LOTUS FINALLY UPGRADES ITS POPULAR 1-2-3 SPREADSHEET Release 2.3 provides graphical features for average PCs


Lotus Development Corp., meeting a challenge from rival products, has added a colorful new face to the basic version of its popular 1-2-3 spreadsheet program.

Unlike the many other versions of Lotus 1-2-3 produced in recent months, Release 2.3 for DOS will work on any IBM XT-compatible computer with at least 512 kilobytes of working memory and 5 megabytes of free space on a hard disk.

Lotus has long been the leading maker of computer spreadsheets, electronic versions of the ledger sheets used by accountants back when "user interface" meant paper and pencil.

More than 5 million copies of 1-2-3 have been sold, and Lotus officials estimate that millions more have been illegally copied. The net effect is that millions of people know the Lotus system of commands and do not particularly care to switch to something different.

Lotus 1-2-3 Release 2.3 for DOS comes not a moment too soon. Many Lotus users have waited impatiently for upgrades while rival companies have come out with superior spreadsheets for the PC, notably Microsoft Corp.'s Excel and Borland International Inc.'s Quattro Pro. Release 2.3 does not match those rivals for performance, but it narrows the gap.

The big trend in spreadsheets, as well as in other computer applications, is to replace the character-based typed command systems with graphical interfaces that are easier to operate and that produce more attractive reports.

Until recently, going "graphical" has meant going to Windows, an operating system that works only on newer and more expensive computers. The problem is, there are tens of millions of IBM-style PCs that do not have the necessary processing power or memory to run a true graphical system like Windows.

Lotus 1-2-3 Release 2.3 for DOS, like Borland's Quattro Pro 3.0 before it, manages to create a graphical interface that works on average PCs.

The new Release 2.3 does not have all of the power of a true Windows program; it lacks the ability to create so-called 3D work sheets, to exchange data with other programs, to stay on screen in the background while the user works on another program, and so on. Still, it is a definite improvement.

Release 2.3 gives the user a choice between the familiar system of commands and the graphical "what you see is what you get" (wysiwyg, pronounced wizzy-wig) system.

In the wysiwyg mode, commands can be invoked by pointing, clicking and dragging a mouse, and text can be embellished with varied type sizes, styles and colors.

Pictures and charts, including some 200 basic styles, can be placed within a work sheet to illustrate the numbers, making the spreadsheet reports easier for a reader to understand.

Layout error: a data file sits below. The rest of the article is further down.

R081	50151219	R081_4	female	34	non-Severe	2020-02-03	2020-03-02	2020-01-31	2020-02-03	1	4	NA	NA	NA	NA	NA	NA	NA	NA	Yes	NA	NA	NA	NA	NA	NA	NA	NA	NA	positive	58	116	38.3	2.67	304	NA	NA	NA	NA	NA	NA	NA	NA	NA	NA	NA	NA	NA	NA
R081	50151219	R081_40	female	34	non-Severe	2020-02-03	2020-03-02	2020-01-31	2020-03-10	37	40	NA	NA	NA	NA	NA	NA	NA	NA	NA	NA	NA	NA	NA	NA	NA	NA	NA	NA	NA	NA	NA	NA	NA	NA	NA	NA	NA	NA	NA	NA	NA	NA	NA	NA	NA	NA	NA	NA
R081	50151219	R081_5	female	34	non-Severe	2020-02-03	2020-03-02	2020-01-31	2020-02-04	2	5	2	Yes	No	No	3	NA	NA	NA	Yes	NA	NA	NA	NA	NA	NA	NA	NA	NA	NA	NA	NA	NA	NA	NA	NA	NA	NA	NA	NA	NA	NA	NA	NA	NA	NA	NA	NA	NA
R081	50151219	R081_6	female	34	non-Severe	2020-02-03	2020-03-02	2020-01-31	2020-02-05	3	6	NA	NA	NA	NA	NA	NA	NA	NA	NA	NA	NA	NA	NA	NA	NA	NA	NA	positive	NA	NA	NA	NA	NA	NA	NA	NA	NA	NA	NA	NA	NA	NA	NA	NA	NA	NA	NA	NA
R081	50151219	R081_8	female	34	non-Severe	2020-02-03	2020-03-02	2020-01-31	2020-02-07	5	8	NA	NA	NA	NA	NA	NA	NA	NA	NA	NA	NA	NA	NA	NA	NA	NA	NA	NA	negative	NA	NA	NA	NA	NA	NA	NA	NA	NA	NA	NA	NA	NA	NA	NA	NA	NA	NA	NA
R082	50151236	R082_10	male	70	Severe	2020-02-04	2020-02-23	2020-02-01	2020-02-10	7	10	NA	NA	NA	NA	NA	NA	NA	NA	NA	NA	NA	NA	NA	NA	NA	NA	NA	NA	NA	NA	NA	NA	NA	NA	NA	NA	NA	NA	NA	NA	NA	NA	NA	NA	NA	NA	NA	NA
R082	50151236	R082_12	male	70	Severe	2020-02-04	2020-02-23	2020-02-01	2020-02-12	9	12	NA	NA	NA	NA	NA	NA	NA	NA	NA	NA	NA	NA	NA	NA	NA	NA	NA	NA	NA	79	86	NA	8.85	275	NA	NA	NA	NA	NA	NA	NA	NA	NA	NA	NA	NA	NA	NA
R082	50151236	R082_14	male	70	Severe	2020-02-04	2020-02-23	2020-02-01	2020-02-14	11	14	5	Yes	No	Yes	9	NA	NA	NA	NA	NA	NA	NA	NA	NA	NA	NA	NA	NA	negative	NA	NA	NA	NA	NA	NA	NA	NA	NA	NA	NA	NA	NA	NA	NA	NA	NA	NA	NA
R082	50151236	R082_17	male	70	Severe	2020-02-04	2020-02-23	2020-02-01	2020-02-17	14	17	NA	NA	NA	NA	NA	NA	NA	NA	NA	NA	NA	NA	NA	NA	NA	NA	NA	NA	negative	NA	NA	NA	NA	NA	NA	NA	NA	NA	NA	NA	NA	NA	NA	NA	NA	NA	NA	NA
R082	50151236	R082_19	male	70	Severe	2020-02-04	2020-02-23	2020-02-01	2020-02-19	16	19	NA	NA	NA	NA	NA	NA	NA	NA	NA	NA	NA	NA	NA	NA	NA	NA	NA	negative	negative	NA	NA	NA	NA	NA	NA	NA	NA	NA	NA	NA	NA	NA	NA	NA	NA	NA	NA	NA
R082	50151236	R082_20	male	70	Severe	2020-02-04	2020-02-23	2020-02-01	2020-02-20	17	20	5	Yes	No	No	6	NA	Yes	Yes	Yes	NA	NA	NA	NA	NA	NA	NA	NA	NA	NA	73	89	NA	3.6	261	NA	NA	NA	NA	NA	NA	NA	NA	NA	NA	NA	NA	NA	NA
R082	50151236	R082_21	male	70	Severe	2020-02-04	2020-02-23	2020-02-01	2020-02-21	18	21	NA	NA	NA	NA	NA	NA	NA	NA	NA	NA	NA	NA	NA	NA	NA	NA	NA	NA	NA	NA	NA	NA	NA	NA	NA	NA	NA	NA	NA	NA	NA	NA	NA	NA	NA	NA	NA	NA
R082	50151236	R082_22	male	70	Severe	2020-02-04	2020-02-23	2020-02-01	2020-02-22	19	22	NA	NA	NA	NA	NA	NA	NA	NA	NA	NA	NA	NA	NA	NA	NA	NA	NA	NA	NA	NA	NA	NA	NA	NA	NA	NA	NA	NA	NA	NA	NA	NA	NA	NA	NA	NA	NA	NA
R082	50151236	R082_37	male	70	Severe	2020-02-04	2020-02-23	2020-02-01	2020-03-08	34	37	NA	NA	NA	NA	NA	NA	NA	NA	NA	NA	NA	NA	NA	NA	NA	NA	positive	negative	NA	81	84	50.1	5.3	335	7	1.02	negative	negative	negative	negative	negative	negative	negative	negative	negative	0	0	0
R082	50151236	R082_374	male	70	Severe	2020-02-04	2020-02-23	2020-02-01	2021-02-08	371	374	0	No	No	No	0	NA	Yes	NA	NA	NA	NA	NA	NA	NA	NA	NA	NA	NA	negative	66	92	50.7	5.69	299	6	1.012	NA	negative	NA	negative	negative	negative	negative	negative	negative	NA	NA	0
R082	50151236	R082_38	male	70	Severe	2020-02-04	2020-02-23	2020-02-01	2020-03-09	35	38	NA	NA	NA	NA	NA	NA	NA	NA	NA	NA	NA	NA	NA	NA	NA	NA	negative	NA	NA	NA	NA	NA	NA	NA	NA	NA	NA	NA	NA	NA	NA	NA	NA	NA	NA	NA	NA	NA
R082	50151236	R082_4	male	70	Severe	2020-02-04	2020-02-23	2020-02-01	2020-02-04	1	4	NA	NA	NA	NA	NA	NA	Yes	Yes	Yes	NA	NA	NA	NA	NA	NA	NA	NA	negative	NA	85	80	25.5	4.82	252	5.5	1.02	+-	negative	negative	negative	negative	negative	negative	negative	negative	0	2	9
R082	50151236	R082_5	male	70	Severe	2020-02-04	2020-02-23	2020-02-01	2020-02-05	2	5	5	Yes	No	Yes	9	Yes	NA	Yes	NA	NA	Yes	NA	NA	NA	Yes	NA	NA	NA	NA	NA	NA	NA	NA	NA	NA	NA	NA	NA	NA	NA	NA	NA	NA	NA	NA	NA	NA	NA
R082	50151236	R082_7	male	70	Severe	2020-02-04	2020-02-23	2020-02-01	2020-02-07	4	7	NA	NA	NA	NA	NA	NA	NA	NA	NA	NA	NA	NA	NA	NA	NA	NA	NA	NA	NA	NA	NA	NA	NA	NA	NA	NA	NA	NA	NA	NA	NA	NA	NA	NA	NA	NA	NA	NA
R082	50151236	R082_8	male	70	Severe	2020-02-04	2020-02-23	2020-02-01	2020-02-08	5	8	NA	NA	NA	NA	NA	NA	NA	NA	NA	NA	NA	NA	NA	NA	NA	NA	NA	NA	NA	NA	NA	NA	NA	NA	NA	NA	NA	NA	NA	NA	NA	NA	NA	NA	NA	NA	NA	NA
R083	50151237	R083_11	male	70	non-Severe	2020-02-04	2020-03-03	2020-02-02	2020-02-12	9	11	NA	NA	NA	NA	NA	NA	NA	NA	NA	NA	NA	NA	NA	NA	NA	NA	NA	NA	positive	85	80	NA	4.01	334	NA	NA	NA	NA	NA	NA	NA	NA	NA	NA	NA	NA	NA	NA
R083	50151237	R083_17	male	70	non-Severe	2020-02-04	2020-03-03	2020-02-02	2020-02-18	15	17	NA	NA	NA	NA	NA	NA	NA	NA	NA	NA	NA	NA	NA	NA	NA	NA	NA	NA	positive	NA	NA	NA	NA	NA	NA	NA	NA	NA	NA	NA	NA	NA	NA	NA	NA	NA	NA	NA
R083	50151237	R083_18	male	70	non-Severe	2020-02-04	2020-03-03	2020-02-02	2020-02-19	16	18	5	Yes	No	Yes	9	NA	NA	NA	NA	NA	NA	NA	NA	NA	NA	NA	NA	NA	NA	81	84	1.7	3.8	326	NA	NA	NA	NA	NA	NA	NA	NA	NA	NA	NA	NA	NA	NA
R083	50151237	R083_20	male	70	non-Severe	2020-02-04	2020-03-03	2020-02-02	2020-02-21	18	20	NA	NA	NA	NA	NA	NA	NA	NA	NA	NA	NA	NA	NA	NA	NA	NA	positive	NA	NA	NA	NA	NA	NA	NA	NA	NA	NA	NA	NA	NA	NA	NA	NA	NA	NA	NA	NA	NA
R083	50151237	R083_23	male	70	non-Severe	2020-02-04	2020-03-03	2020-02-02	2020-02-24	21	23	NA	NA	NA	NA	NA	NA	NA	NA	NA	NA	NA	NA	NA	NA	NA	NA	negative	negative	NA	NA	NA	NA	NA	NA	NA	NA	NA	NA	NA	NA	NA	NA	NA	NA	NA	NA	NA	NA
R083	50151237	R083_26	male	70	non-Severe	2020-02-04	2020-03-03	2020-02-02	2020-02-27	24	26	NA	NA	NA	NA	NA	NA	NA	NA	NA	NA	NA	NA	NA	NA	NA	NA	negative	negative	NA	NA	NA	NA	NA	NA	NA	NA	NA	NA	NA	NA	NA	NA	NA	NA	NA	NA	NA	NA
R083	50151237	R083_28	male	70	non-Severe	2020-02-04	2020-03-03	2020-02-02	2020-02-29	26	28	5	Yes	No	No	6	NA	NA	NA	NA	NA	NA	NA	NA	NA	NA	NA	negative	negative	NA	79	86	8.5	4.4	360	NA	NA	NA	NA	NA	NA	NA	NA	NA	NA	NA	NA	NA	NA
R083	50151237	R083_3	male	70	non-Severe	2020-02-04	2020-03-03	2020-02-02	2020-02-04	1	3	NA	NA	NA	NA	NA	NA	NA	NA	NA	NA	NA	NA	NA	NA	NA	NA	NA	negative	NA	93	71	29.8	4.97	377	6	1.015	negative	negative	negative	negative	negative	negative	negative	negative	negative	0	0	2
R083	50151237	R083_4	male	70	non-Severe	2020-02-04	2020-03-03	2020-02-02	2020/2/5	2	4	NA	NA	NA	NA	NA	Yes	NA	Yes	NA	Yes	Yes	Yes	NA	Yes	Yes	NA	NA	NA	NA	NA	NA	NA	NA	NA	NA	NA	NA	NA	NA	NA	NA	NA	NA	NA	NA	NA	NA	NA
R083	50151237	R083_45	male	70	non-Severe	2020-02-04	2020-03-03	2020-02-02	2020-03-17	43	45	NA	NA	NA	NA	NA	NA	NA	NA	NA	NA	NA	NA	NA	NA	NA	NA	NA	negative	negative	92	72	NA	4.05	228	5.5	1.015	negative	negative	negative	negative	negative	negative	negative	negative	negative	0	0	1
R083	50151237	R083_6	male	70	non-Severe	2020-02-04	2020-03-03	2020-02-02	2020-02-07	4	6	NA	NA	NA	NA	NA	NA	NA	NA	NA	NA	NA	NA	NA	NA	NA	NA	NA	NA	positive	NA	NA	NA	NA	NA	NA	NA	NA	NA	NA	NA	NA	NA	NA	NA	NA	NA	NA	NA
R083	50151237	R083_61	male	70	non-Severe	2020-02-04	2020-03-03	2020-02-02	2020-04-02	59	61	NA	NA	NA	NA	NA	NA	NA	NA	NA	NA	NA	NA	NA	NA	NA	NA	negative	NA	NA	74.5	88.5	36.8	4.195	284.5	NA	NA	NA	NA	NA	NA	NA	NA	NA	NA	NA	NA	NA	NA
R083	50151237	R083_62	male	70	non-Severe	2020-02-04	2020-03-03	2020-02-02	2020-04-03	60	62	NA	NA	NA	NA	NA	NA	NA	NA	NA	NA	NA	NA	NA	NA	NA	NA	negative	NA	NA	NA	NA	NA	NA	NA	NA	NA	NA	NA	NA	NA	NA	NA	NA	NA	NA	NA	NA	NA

Popular features from other spreadsheets have been added, including a print-preview command that lets the user see what the report will look like before it is printed, and a "shrink to fit" command that condenses a wide work sheet to fit onto a single page.

There are some other new features, too. One is a Viewer, which allows the user to peek into spreadsheet files without loading them into memory. Before, the user often had to go through a laborious process of opening a file, browsing in it, closing it, opening another and so forth, until the right data were found.

Another new feature is the Auditor, which allows the user to see all the spreadsheet cells that affect a given formula. (A cell might include, for example, a company's gross sales for baseball bats in June.)

Sometimes one user will create a complex formula to pull data from a variety of cells, and a second user might not know the logic behind the formula. Or, in our case, we may simply forget why we did something a certain way. Auditor saves a lot of time in retracing steps.

As might be expected, Release 2.3 seems to slow down just a bit in its "wysiwyg" mode. In its original character mode, however, it appears to be quicker than earlier versions.

In recent years Lotus has tried to expand its product line with many versions of 1-2-3, each designed to work on a different type of computer.

The company is promising to release new versions for Windows, for the Apple Macintosh, for Sun Microsystems workstations, Digital Equipment Corp. VAX minicomputers, for Next Inc. computers and for the OS/2 operating system.

It already has a separate 1-2-3 product, Release 3.1, for more powerful DOS machines based on the 286, 386 and i486 microprocessors.

It is nice to know that Lotus has not forgotten the humble XT computers. Owners of those older machines can now take advantage of some powerful new spreadsheet features without having to invest in a more powerful computer and an unfamiliar new spreadsheet program.

Release 2.3 has a list price of $495. Registered owners of earlier Lotus versions can upgrade for $150. The program is widely available in stores. Lotus, of Cambridge, Mass., can be reached at (617) 577-8500.

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